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Feature: Disco Golf at Dairy Creek offers day and night options 

Disc duffers’ delight

Disc golf is one of the fastest growing sports in the U.S. and the easiest and least expensive sport to get into. A set of three discs sells for as little as $20, and an 18-hole round at the Dairy Creek Disc Golf course is only $5.

Hideous pants and funny hats optional.

Sure, throwing discs at targets may seem weird, but there are nearly 100,000 active members of the Professional Disc Golf Association and an estimated half a million regular players in the U.S. Its growth as a sport since its 1970s beginnings have been exponential. Between 8 million and 12 million people have played disc golf at least once in their lives.

click to enlarge Dudley Schusterick (left) and Jaimal Hanson (right) designed the 18-hole disc golf course at Dairy Creek to take advantage of the natural environment, its grasslands, and its setting among the Seven Sisters. - PHOTO COURTESY OF DUDLEY SCHUSTERICK AND JAIMAL HANSON
  • Dudley Schusterick (left) and Jaimal Hanson (right) designed the 18-hole disc golf course at Dairy Creek to take advantage of the natural environment, its grasslands, and its setting among the Seven Sisters.

The origins of disc golf are as murky as the Frisbee itself. Did New England college kids in Connecticut throwing empty Frisbie Pie Company tins “invent” the flying disc idea? Did Los Angeles building inspector Walter Frederick Morrison with help from Warren Franscioni create the first plastic version called a Pluto Platter? Does the honor go to “Steady” Ed Headrick, an inventor at Wham-O who patented the design for the modern Frisbee in 1966? Probably, but what about disc golf itself?

We know that in addition to the Frisbee, in 1975 Headrick also patented the Disc Golf Pole Hole, the basis of all disc golf targets today, but let’s not forget the story of Ronald Brandon Cain and his elementary school pals who in 1965 regularly played what they called Tin Lid Golf, throwing tin lids into 4-foot-wide circles drawn in sandy patches on their school grounds.

We’ll never know the exact origins of disc golf, but on any given day, you’ll find disc golfers walking one of the many Central Coast courses located in Sinsheimer Park, Laguna Lake Park, Heilmann Regional Park, Waller Park, and other locations. Most of these course are free to use, but by many accounts, the best local course is at Dairy Creek Golf Course. Designed by Dudley Schusterick and Jaimal Hanson, they call it “The Wild West Course at Dairy Creek.” The pair also operates a disc golf company called Prodigy Disc.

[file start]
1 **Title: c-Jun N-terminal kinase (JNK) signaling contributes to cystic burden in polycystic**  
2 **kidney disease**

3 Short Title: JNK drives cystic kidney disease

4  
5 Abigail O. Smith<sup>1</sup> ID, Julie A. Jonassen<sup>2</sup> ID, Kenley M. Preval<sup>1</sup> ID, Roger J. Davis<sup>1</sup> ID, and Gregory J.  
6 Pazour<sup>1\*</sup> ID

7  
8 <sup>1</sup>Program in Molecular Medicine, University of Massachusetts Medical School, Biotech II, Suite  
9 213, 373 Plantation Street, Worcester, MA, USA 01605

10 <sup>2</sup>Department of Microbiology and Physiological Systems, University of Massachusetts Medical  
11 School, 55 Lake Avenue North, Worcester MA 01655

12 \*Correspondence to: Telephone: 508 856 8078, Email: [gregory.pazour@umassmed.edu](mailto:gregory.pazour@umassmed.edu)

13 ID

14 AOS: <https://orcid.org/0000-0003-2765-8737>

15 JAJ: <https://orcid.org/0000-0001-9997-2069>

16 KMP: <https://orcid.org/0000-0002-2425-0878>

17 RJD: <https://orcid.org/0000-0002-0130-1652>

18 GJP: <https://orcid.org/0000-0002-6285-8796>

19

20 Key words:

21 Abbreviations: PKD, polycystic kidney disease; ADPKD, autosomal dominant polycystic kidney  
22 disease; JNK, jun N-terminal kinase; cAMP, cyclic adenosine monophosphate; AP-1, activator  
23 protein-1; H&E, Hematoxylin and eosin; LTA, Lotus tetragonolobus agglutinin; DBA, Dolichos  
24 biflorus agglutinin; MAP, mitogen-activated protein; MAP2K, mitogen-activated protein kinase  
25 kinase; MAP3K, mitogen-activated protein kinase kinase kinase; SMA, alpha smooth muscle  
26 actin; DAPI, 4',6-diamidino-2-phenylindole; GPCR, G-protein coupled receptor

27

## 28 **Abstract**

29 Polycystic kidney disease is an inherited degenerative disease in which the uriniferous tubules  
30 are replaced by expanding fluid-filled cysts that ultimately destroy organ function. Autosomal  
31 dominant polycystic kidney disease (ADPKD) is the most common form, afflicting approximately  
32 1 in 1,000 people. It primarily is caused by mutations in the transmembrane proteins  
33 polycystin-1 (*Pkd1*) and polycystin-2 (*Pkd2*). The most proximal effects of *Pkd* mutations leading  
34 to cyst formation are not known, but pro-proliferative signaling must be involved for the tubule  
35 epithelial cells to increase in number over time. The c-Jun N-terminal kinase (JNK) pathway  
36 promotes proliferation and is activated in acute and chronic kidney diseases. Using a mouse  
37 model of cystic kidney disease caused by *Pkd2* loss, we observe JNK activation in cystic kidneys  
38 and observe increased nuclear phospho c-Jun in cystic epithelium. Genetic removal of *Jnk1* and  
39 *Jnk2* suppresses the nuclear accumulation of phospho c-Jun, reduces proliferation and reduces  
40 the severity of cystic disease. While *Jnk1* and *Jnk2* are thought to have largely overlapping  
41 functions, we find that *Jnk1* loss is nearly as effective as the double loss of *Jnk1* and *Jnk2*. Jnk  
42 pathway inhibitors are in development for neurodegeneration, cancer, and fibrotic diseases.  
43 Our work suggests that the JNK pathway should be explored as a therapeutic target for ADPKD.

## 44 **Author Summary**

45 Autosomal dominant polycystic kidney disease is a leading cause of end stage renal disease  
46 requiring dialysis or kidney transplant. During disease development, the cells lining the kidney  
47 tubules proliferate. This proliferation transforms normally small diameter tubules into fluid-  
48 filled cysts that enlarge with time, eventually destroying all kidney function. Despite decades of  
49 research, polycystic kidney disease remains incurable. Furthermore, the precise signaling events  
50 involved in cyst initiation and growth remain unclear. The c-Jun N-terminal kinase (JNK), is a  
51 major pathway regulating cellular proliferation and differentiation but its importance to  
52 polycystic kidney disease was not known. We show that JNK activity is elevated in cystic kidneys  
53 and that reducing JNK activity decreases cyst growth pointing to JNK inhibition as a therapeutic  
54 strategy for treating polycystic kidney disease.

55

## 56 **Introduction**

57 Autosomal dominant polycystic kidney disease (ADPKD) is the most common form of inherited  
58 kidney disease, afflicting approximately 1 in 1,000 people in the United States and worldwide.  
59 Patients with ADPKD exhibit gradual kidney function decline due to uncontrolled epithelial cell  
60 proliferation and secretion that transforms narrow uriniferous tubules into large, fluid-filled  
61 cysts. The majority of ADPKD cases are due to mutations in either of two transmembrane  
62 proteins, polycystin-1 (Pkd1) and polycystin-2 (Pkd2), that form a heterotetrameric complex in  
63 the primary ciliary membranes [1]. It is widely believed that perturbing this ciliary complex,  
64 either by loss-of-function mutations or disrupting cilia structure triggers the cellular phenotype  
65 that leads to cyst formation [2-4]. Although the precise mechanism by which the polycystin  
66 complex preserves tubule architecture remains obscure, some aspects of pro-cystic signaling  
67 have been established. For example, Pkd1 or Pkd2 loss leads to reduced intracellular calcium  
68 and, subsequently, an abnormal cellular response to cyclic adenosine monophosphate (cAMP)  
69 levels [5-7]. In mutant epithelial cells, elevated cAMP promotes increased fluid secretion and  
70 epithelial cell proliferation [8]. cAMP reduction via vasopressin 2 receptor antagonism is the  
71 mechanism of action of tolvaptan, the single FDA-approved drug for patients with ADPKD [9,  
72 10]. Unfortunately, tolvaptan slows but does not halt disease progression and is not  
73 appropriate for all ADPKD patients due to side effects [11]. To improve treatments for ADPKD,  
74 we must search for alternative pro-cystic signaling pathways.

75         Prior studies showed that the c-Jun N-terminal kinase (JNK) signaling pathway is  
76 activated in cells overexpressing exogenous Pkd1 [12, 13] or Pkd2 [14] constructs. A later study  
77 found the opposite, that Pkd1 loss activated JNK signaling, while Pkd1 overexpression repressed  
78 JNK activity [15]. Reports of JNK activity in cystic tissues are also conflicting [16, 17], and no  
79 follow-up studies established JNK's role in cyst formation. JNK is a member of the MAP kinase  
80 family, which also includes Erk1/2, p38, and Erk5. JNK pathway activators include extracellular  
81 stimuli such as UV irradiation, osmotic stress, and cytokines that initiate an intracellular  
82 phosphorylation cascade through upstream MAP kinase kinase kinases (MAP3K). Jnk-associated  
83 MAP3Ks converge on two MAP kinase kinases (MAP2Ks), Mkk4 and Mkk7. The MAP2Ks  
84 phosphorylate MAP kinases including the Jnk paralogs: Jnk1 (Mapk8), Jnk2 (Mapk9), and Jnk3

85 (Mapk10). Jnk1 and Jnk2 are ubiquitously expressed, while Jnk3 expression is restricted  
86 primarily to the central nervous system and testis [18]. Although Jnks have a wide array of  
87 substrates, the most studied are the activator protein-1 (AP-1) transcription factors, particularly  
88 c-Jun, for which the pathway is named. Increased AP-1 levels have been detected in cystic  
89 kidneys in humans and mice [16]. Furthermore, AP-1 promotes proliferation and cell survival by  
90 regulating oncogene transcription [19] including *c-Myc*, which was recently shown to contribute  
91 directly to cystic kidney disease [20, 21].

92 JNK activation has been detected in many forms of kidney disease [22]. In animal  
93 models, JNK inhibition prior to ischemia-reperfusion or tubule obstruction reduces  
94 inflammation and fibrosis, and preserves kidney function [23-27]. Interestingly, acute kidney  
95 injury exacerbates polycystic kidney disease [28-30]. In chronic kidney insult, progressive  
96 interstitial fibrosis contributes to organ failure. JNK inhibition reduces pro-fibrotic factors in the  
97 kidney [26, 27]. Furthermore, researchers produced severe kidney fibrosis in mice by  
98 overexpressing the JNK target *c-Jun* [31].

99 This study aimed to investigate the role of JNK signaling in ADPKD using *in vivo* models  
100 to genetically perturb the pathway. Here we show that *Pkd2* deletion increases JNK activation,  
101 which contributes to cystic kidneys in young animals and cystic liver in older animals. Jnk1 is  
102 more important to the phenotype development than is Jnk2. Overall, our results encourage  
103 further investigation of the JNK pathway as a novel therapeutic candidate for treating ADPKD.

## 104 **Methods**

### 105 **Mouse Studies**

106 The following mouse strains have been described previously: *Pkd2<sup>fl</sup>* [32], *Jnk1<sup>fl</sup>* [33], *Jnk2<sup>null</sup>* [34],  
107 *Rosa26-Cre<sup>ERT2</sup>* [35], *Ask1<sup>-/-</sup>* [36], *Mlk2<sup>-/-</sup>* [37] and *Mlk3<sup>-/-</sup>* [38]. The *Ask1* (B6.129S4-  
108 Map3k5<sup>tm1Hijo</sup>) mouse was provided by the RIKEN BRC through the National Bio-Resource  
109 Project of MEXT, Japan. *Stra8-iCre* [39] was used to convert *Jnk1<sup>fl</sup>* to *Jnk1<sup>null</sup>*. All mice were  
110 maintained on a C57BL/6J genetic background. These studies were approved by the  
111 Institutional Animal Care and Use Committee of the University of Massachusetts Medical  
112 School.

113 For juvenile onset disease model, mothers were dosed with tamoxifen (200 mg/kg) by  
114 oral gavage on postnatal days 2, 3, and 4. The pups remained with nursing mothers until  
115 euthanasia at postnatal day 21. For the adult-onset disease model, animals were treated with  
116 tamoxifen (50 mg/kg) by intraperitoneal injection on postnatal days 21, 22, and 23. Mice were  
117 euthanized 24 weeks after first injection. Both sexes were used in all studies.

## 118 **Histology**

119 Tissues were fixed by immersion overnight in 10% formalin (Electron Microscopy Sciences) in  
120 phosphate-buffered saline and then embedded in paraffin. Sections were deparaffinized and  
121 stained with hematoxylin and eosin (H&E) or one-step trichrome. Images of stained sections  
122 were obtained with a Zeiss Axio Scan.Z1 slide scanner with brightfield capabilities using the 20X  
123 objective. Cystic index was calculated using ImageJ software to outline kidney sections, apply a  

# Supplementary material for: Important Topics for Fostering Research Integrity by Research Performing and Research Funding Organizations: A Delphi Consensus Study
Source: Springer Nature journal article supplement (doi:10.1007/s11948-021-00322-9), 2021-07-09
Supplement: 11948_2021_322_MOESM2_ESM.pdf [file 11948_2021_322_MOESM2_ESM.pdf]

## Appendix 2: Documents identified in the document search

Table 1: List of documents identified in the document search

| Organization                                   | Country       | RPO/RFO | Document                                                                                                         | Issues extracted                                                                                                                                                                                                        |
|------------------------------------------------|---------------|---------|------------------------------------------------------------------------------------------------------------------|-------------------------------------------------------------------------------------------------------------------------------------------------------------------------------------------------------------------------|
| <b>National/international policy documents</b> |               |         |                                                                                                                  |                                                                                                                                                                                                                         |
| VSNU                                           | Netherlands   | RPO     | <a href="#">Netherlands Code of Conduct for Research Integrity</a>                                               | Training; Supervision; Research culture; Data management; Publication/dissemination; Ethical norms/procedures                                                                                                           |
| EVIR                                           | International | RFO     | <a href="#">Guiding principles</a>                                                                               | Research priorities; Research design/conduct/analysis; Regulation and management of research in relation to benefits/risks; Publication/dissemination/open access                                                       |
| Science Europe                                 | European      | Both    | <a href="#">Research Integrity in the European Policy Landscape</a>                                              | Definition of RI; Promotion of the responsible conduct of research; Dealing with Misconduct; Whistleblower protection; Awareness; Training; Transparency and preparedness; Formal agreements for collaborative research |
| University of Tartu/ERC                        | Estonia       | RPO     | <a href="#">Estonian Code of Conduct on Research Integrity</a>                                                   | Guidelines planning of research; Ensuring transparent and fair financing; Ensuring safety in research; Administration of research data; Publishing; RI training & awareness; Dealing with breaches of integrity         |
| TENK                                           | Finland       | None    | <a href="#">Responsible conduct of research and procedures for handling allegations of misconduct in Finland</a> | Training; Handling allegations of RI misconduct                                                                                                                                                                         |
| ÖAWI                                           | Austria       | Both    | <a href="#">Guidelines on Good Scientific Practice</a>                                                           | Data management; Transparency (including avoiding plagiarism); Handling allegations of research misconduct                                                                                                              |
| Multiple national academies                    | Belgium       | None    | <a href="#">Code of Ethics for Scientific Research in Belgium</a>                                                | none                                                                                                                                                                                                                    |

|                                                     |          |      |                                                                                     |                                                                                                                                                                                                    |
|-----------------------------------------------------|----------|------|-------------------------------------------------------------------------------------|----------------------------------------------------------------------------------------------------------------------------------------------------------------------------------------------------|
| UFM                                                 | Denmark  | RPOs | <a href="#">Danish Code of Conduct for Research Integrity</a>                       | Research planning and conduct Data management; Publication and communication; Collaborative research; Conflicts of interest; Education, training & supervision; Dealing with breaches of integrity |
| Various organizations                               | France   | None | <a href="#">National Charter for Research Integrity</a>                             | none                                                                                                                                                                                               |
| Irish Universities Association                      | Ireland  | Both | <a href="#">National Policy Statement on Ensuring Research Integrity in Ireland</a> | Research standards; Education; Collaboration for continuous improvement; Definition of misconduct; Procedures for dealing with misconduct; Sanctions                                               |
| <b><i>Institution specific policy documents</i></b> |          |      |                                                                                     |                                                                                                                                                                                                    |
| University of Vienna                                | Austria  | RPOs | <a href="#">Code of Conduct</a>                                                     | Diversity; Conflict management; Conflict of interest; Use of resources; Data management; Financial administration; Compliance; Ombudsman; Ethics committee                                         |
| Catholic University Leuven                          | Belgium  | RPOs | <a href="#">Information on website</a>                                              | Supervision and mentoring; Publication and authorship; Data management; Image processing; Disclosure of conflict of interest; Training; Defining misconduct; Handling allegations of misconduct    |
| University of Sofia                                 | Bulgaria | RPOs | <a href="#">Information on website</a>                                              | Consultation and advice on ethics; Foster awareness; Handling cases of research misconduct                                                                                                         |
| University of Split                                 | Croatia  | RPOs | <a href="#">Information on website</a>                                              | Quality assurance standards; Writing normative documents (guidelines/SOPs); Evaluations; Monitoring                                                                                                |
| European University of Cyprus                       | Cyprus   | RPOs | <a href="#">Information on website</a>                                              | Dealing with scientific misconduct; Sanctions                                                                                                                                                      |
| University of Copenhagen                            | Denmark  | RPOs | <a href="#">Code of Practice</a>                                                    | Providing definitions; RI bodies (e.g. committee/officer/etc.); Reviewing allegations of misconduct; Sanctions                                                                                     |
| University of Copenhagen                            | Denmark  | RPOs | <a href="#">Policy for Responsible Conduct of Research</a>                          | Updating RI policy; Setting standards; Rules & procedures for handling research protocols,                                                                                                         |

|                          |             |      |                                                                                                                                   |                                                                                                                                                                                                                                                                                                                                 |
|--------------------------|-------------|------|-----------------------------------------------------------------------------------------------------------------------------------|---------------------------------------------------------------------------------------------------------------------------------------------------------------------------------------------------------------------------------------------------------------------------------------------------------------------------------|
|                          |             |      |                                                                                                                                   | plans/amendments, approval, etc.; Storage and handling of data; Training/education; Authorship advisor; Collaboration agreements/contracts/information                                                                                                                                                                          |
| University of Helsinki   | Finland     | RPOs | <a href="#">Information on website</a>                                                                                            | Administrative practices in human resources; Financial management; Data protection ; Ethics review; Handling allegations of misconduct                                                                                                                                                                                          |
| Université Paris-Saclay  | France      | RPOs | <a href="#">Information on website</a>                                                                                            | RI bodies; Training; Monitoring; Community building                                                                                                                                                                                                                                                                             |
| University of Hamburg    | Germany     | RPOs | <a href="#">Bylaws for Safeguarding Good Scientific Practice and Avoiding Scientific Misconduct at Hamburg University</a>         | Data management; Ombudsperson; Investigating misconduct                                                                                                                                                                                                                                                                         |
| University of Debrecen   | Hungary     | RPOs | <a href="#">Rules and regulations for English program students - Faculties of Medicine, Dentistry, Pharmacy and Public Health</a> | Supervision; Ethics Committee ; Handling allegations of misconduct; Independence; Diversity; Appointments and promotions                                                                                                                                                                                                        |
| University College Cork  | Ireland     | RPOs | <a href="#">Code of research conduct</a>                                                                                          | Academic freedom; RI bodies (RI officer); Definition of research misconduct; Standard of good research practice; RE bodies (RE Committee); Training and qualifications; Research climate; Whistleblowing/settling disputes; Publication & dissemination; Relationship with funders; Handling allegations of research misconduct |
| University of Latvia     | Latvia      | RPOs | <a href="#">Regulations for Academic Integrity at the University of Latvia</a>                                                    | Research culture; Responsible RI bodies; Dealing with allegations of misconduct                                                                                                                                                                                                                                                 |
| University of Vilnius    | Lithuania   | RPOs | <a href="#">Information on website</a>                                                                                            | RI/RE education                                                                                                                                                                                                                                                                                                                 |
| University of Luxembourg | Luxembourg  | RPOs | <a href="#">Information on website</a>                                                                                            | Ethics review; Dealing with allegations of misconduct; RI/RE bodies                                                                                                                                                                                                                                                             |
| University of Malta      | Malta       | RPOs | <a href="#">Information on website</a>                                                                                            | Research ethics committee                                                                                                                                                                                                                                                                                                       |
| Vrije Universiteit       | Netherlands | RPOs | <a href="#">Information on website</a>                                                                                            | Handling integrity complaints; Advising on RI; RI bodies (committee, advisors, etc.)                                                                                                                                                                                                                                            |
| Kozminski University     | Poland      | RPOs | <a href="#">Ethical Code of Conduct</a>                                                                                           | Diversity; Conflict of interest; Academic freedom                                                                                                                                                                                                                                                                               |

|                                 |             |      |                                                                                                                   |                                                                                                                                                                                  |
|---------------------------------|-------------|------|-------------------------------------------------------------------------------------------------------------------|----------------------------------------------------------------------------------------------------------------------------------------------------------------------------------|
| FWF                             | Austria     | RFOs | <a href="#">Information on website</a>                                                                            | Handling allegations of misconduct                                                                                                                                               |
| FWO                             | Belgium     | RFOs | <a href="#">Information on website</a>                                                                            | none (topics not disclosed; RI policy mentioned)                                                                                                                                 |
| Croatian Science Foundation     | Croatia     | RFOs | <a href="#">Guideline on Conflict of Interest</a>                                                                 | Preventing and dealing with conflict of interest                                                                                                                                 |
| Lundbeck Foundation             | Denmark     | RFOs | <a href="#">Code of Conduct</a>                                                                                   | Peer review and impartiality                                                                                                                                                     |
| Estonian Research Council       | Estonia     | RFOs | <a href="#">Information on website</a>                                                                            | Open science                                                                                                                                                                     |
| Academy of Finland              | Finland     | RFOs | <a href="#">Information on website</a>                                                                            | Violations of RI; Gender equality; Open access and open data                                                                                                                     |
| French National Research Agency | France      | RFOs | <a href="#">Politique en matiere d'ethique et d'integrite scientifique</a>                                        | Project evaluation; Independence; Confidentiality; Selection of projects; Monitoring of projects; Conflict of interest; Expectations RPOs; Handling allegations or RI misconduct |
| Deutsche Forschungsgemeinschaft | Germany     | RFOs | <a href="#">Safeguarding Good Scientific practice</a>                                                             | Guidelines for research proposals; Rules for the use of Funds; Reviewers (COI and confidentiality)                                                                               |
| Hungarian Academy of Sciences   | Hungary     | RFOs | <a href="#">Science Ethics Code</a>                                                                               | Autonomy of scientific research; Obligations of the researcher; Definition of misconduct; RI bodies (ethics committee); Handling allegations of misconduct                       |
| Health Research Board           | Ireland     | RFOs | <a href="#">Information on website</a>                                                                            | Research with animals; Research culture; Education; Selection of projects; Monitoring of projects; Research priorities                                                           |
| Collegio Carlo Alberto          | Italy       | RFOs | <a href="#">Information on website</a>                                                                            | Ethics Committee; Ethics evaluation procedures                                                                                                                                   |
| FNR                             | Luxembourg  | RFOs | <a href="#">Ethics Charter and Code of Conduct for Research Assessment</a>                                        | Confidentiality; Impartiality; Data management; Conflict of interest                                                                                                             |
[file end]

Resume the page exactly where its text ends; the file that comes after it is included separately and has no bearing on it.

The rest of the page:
The course is 7,500 feet long, or about 1.42 miles to walk. There’s also a pro-length course they set up for tournaments that’s 8,500 feet or 1.6 miles. The course at Dairy Creek hosted three professional tournaments last year.

Schusterick has designed a number of courses. Originally from Southern California, he’s been in SLO County about 20 years, loves the local flora and fauna, and is committed to preserving it.


“The idea was to retain the most natural setting possible to minimize upkeep on the property,” he explained of Dairy Creek. “This is one of the most beautiful courses in the state, if not the country, with all its natural grasslands and wildlife—hawks, coyotes, turkeys, deer, king and gofer snakes—all the wildlife blows my mind, and the Seven Sisters are beautiful.”

Dairy Creek is just off Highway 1 near El Chorro Regional Park, and while it boasts a nine-hole ball golf course (at a reasonable $23 a round), the disc golf course feels less like a walk through mowed fairways and manicured greens and more like a nature hike. You might pass an electric fence penning in a small herd of goats used for weed abatement. Look up and you might see a falcon soaring above. It’s open space all around. Upgrades have been limited to tee pads from which to throw and some benches to sit on.

No reservations are necessary. Show up, check in at the pro shop, pony up $5, and you’re off. They sell discs for about $10 each in the shop if you need some. The first tee is behind the ball golfing range. There’s also the Dairy Creek Glow Disc Golf Course ($10 per event, typically on the second and fourth Friday nights each month), which uses glowing discs at night.

“I’m a volunteer,” Schusterick noted, “and I love it because it’s so good for the community. I just love the attitude that disc golfers bring.”

His aim for Dairy Creek is to make it a disc golf destination, the “disc golf epicenter of the West! Disc golf generates thousands of dollars when a city becomes a disc golf destination from people traveling, tournaments, and so on.”

Part of the vision is hosting a major professional tournament called The Wild West Open, which is in the works, but the great thing about disc golf is it’s always ready when you are.

“Disc golfing is like fishing,” Schusterick quipped. “You know what they say: A bad day fishing is better than a good day at work.”


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